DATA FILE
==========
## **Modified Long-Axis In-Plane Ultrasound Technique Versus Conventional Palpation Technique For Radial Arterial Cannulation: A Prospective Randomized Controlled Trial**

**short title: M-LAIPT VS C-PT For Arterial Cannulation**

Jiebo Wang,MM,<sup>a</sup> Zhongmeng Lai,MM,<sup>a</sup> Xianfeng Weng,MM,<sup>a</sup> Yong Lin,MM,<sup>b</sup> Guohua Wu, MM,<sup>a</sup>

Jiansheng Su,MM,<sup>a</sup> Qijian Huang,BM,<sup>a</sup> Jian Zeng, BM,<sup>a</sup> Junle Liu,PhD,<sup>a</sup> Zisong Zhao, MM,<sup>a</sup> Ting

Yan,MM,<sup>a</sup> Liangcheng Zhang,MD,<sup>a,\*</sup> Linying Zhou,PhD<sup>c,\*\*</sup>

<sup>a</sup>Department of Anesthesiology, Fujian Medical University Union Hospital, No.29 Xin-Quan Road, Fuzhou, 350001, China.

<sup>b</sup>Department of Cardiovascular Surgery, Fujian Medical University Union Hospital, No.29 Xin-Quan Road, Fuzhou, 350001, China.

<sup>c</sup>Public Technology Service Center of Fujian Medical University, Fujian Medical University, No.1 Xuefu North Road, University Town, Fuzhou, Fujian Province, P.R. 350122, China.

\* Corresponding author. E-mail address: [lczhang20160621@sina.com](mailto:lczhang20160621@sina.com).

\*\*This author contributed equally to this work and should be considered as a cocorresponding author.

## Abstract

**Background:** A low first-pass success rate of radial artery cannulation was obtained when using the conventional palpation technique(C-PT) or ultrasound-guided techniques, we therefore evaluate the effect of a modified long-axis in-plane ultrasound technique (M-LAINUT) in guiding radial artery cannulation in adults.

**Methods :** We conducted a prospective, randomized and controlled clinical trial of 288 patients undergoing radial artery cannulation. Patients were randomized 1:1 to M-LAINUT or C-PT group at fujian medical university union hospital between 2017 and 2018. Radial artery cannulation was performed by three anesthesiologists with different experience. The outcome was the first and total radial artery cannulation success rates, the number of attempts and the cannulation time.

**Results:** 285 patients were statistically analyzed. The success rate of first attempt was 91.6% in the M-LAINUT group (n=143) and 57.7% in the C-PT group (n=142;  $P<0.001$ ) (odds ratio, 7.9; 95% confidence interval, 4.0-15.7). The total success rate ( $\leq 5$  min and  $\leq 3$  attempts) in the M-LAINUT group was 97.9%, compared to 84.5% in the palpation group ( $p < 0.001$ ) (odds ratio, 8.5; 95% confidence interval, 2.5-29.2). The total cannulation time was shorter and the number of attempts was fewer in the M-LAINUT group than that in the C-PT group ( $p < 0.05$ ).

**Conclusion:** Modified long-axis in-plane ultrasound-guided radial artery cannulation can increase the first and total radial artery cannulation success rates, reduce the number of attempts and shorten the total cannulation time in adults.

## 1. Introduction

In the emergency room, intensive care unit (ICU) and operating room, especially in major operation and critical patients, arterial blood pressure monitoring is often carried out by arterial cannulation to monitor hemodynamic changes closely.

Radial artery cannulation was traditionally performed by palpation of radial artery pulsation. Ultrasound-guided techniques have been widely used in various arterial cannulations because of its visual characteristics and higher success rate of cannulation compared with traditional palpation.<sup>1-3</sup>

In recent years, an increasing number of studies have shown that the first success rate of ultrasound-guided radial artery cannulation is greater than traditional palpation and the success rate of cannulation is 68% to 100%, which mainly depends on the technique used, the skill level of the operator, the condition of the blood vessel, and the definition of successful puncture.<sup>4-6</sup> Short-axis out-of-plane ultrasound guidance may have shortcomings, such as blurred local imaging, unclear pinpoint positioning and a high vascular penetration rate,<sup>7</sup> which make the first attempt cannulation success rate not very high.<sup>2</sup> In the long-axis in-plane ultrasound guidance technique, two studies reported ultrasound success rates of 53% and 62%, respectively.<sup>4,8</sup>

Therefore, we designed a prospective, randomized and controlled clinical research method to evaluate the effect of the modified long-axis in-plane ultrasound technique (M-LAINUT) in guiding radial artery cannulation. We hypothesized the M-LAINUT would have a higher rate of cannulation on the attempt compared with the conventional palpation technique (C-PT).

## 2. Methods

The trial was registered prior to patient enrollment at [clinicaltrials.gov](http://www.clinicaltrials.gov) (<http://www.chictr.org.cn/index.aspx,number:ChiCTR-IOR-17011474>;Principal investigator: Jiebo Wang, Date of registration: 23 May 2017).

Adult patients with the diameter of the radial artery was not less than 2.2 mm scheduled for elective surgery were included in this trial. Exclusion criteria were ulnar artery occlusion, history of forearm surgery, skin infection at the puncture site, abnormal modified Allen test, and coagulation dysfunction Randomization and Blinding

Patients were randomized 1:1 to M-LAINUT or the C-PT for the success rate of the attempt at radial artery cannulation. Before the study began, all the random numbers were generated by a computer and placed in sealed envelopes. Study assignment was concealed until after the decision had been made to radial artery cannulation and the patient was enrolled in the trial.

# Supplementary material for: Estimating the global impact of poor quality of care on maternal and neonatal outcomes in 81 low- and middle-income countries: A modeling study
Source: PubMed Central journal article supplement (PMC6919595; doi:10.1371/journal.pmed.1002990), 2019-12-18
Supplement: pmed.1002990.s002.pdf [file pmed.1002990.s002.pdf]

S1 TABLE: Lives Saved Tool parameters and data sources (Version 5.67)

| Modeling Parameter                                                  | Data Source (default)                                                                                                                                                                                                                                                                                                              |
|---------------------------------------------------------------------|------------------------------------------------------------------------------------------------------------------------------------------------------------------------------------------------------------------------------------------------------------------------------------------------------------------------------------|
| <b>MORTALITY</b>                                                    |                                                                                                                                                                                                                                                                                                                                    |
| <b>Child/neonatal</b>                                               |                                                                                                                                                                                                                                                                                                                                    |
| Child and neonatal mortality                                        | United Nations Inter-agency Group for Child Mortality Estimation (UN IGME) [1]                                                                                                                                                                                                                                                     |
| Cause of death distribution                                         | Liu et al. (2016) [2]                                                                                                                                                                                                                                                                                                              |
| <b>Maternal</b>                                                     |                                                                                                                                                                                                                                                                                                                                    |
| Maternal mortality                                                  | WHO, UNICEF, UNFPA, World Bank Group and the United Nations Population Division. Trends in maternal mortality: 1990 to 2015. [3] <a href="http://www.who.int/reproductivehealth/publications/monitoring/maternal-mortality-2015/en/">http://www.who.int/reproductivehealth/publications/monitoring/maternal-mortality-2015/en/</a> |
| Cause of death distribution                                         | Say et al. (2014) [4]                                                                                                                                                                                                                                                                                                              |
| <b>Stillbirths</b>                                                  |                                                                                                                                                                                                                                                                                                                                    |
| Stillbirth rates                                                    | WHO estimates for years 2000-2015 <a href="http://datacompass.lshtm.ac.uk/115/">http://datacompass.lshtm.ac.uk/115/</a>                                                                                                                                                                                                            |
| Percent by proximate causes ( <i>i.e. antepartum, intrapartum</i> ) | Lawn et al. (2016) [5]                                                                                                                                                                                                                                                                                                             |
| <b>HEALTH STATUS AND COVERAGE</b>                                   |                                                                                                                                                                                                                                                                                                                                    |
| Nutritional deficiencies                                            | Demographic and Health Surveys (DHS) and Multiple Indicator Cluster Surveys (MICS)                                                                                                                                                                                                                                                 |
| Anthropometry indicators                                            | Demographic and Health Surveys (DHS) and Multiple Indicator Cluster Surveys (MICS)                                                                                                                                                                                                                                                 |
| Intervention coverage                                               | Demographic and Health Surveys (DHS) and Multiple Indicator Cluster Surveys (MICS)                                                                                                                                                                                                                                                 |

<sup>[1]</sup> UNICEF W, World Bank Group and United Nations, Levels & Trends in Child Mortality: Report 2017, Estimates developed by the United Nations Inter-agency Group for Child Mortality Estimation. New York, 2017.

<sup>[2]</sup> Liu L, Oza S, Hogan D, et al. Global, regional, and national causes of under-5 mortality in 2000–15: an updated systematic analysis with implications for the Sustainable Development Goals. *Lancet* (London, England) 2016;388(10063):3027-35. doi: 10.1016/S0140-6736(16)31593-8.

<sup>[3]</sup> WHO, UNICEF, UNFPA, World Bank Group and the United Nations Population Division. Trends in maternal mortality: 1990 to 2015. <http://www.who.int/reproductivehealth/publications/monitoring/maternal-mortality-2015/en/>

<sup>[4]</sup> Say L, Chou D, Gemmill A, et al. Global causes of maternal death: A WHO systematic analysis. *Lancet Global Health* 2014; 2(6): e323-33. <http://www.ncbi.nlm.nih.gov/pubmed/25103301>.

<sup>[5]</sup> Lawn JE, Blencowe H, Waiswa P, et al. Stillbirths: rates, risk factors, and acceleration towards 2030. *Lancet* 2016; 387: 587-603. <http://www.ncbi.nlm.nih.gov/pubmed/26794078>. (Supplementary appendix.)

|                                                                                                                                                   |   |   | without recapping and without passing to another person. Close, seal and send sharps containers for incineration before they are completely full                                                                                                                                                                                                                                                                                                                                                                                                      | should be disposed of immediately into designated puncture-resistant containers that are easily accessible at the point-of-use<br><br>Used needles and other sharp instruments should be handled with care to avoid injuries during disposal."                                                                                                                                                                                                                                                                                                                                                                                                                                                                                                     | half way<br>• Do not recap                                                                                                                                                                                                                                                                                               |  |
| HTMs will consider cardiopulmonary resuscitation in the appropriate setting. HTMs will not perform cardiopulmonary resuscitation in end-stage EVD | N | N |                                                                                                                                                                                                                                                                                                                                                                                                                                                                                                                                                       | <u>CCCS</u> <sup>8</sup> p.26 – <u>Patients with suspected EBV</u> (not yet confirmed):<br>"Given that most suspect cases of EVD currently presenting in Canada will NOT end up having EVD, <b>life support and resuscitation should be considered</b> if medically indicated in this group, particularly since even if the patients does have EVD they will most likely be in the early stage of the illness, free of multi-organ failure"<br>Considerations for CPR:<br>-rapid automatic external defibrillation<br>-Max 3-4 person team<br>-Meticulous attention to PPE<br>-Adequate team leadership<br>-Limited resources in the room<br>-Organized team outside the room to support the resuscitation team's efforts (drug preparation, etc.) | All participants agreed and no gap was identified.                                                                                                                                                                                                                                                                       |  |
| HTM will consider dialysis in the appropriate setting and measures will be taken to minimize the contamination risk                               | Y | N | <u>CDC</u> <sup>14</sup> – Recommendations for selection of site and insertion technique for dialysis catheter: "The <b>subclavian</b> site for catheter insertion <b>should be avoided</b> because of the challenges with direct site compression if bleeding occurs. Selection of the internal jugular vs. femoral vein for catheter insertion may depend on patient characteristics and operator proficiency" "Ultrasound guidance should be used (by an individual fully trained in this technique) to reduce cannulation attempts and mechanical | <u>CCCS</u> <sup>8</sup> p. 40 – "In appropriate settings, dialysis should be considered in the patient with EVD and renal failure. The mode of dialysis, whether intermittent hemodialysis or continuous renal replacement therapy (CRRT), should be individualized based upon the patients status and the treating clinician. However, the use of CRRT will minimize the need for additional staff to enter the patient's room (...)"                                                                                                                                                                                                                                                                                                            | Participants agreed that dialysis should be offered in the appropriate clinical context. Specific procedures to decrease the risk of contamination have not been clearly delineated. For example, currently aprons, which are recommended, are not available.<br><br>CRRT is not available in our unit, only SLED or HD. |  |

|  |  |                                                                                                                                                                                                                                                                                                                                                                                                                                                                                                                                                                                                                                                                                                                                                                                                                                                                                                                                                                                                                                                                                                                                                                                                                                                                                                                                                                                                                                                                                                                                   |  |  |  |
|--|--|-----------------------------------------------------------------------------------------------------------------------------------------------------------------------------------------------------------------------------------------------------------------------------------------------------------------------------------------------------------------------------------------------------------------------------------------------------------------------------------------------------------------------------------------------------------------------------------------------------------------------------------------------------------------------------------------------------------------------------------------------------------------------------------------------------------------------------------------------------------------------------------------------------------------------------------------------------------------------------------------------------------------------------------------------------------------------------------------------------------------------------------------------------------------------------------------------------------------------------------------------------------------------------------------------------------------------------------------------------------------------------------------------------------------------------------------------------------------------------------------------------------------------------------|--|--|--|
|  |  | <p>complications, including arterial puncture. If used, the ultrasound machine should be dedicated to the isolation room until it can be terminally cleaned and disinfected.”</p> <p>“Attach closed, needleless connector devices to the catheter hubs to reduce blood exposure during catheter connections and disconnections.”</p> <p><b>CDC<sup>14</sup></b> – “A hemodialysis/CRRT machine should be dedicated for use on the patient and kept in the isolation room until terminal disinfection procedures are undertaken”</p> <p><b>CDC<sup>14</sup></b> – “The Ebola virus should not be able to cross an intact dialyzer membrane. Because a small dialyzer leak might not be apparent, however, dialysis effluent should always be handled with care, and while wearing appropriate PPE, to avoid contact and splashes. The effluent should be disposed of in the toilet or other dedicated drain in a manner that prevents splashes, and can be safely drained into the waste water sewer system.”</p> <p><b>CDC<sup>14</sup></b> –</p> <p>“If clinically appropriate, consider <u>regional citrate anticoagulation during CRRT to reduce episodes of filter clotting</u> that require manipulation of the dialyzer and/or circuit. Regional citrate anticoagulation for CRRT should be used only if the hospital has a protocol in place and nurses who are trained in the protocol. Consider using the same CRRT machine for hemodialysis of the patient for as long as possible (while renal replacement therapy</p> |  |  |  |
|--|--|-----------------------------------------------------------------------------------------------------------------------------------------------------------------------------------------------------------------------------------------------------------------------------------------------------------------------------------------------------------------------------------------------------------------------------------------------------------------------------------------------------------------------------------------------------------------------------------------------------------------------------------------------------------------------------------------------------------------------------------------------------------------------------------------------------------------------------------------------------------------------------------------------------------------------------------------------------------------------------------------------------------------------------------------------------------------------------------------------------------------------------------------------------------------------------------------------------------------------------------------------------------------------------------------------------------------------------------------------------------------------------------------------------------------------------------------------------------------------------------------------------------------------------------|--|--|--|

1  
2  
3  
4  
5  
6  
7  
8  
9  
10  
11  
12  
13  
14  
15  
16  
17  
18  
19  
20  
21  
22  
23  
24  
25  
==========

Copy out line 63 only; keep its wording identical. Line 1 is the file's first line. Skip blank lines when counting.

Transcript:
7  